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A Pale View of Hills Paperback – September 12, 1990
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From the Inside Flap
The story of Etsuko, a Japanese woman now living alone in England, dwelling on the recent suicide of her daughter. In a story where past and present confuse, she relives scenes of Japan's devastation in the wake of World War II.
About the Author
Kazuo Ishiguro is the 2017 winner of the Nobel Prize in Literature. His work has been translated into more than 40 languages. Both The Remains of the Day and Never Let Me Go have sold more than 1 million copies, and both were adapted into highly acclaimed films. Ishiguro's other work includes The Buried Giant, Nocturnes, A Pale View of the Hills, and An Artist of the Floating World.
Top customer reviews
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In his first book, Ishiguro tells his story elegantly and elliptically. And therein lies the problem: the story is a bit too enigmatic. There are many dropped hints, and indeed plot threads, that seem to be incomplete. If his intent was to show the unreliability and fragility of memory, then the author succeeds admirably. But if he wanted to tell a complete story, his book falls short.
I would have loved to give this 5 stars, but couldn't quite do it.
Ishiguro's tale-telling in the first person narrative is spell-binding. The title can have multiple meanings, depending on which aspect of the book you are focusing on. I know I will definitely need to reread this novel again to put all the pieces together.
Is Sachiko Etsuko's projection of herself? Is Mariko representative of Keiko? To hear Etsuko switch to the first person when talking to Mariko near the river at the end of the novel really packed a punch. Had I considered such at other points in the book? Yes. But, to have it simply pop out there at the last minute was like cold water being splashed on my face.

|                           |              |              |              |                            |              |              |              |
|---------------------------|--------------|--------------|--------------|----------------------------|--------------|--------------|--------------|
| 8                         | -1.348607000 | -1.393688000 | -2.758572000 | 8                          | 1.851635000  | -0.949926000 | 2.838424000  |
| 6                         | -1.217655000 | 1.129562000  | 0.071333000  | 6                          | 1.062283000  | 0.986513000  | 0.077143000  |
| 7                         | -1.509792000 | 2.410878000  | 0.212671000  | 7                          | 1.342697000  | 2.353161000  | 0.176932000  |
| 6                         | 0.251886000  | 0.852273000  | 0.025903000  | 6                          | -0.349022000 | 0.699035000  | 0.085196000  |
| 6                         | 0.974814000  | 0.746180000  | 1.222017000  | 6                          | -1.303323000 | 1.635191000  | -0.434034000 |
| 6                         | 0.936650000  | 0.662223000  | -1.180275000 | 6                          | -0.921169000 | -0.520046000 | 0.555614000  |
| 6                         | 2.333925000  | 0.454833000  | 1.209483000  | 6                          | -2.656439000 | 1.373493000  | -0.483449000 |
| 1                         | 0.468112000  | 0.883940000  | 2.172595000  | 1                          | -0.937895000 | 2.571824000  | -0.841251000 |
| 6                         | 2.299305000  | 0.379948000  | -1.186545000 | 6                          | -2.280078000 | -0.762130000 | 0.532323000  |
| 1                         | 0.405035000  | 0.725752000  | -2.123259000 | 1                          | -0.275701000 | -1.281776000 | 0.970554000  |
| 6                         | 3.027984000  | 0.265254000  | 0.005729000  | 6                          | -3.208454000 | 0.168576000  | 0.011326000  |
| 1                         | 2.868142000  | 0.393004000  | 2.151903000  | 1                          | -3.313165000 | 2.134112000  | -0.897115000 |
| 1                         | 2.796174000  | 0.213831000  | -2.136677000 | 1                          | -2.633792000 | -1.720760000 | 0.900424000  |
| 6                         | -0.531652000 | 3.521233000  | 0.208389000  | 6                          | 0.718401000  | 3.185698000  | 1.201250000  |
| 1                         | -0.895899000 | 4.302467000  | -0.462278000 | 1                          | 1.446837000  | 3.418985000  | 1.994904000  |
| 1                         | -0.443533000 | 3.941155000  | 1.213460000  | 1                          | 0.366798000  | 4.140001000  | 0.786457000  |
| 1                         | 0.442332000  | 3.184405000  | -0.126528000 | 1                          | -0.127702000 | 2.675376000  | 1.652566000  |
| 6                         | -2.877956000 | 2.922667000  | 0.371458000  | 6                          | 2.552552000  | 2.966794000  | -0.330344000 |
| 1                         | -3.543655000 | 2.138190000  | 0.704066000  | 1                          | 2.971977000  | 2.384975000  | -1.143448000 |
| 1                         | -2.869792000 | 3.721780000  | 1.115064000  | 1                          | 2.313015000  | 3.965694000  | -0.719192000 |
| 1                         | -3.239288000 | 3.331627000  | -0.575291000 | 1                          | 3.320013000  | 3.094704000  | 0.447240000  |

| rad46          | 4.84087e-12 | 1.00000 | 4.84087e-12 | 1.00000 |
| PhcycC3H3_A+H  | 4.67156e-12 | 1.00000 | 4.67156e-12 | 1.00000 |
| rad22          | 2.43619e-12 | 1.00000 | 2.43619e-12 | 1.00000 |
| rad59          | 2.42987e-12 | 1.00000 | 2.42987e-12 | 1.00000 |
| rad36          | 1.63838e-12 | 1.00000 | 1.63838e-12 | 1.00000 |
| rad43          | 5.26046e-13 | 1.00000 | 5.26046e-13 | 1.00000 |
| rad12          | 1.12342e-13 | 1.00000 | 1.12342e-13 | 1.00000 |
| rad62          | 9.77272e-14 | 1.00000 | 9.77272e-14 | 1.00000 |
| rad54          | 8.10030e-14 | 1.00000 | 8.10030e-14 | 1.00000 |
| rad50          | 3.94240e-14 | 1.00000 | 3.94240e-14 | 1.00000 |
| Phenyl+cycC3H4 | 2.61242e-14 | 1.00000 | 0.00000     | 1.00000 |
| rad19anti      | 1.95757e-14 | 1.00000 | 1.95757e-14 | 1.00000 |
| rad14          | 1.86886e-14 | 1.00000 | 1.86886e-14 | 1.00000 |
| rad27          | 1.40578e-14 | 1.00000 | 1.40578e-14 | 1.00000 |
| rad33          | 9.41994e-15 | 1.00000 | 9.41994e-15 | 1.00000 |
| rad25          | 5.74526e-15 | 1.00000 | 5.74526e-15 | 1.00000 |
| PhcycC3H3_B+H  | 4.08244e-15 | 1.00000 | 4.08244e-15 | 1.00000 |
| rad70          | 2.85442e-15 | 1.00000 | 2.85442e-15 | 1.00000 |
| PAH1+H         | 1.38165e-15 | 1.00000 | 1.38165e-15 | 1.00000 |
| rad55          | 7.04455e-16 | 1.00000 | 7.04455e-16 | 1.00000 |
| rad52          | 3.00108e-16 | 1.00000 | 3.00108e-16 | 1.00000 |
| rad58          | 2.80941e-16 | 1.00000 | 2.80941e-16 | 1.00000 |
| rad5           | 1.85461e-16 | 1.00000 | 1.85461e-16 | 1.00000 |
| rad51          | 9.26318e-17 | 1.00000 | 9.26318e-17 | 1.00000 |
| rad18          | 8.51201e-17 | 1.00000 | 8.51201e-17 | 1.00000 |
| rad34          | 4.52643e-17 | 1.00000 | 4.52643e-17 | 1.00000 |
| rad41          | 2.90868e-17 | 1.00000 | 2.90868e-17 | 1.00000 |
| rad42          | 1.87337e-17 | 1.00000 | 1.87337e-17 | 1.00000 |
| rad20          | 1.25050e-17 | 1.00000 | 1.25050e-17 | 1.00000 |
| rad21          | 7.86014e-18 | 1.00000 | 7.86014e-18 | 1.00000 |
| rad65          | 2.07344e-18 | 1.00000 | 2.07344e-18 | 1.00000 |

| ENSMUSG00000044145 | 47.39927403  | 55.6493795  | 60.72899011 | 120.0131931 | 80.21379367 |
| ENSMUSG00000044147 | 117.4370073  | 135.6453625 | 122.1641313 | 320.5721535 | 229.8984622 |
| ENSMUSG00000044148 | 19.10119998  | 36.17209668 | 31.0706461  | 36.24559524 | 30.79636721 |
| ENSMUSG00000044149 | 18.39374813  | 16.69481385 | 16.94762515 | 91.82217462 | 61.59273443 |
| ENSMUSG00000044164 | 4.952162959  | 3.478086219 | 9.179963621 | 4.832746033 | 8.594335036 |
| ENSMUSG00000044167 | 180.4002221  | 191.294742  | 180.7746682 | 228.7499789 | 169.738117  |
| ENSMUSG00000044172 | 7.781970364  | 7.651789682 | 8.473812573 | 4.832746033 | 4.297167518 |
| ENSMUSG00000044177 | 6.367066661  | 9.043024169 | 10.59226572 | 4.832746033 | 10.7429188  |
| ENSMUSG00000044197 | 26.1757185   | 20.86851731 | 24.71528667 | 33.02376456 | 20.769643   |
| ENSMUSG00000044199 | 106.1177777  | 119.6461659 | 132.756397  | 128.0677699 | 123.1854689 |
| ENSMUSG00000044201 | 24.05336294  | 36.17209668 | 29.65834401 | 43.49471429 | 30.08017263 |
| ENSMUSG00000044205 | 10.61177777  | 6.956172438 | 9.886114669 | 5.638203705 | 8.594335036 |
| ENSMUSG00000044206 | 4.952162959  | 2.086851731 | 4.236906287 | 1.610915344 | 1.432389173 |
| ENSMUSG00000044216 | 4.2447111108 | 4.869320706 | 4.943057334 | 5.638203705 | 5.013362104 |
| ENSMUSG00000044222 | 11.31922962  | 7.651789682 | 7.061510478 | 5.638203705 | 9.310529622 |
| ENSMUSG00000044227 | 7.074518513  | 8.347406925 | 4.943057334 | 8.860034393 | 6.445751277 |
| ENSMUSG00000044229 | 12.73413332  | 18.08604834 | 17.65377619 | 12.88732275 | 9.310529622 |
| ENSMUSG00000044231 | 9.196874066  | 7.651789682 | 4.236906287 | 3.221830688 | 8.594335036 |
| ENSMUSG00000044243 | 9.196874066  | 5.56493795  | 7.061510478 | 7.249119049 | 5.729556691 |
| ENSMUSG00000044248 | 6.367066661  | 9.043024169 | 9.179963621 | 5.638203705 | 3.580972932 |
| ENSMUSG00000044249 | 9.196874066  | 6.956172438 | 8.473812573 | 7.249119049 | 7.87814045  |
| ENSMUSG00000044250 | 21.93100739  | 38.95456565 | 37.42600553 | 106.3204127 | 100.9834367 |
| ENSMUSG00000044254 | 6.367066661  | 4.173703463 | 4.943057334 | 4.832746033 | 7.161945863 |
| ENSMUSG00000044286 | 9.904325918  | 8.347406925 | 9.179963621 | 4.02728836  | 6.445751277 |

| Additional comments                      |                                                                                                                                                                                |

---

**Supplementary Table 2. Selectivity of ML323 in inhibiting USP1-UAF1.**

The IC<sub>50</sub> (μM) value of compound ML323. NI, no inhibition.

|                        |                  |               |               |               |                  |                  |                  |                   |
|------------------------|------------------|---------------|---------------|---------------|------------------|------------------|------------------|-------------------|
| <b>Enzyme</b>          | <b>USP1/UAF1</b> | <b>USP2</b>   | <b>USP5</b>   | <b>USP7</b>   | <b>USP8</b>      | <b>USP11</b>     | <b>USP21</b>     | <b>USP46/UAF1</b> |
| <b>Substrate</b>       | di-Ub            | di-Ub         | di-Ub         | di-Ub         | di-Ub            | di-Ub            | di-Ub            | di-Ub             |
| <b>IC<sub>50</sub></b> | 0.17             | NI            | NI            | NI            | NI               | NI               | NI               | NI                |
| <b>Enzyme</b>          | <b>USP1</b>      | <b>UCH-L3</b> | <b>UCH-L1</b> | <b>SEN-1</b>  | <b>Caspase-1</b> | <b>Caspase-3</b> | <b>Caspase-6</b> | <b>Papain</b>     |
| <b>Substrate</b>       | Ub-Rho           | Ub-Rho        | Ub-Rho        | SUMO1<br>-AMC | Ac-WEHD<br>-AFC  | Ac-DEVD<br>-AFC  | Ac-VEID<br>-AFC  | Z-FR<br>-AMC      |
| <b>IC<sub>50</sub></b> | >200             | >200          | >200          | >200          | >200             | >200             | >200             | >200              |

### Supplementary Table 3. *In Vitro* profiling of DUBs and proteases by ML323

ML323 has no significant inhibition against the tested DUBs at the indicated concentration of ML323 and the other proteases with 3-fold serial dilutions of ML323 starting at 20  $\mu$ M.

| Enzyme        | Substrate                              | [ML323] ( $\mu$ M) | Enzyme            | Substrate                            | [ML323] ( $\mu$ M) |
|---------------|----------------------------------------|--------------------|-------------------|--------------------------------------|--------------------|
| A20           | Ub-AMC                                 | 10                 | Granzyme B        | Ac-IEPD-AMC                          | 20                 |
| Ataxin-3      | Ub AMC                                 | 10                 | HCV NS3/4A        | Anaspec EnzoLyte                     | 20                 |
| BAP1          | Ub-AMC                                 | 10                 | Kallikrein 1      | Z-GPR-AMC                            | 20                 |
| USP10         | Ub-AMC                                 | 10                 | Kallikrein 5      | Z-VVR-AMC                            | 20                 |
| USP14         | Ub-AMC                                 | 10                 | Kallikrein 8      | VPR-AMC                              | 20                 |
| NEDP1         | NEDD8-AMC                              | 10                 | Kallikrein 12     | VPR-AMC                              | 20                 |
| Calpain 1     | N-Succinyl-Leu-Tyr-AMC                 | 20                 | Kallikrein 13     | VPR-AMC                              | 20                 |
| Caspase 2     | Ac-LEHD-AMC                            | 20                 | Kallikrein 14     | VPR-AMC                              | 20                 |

The reference to Etsuko hanging onto something that caught on her foot while crossing the river was obviously a metaphor to her hanging onto the past. Mariko running away, right after asking why Etsuko was hanging onto that, was that Keiko fading in her memory or Etsuko questioning herself?
Our memories certainly do fade with time and can become quite unreliable, particularly if we are reviewing decisions and behaviors we would rather not recall. Given Keiko's suicide most likely being connected with Etsuko's decision to move to the United States certainly is reason for her to want to rewrite history to alleviate guilt.
I saw the cover from an earlier release of this book and it shows a Japanese woman - just her head - wearing a mask. This reinforces the ending of this book ... that Sachiko is really a mask Etsuko wears in her mind as she recalls the irrevocable decisions, and their consequences, of her past.
I finished reading A Pale View Of Hills three weeks ago and am still mulling it over in my mind. I plan to reread it again, looking for the subtle clues Ishiguro has surely placed throughout the book, but until then I will simply enjoy the experience of mulling over this literary work of art.
This story of a woman, her life, her families, and her homes is disturbing and mysterious on many levels. Unlike his later books, Ishiguro does not cleanly unveil a single story here. Rather he raises the themes of the disintegration of social fabric after the Nagasaki bombing, the transformation of Japanese culture to a more western attitude, mother-daughter relations, and social climbing through a series of incidents that combine the actual story with distortions and failures in memory of the narrator Etsuko/Sachiko.
The power of the book is in the stark unfairness of Etsuko's actions, their inevitability, and that they probably happened a hundredfold in Japan in the 40s and 50s.
Personally, I found the obscureness of the underlying plot a bit thick. Even reviewing 5 or 6 commentaries on the book online this morning, I didn't get to the bottom of it, and can see some and perhaps all of the commentators I found are even more confused. Probably Ishiguro knew he was leaving ambiguity and loose ends, in fact in one interview he said as much. For example, I suspect a sinister interpretation of the "rope" Mariko referred to 2 or 3 times, but found little clarity online. But the power of the book is clear, this is my favorite of Ishiguro's books.
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"A view of the harbor in Nagasaki....
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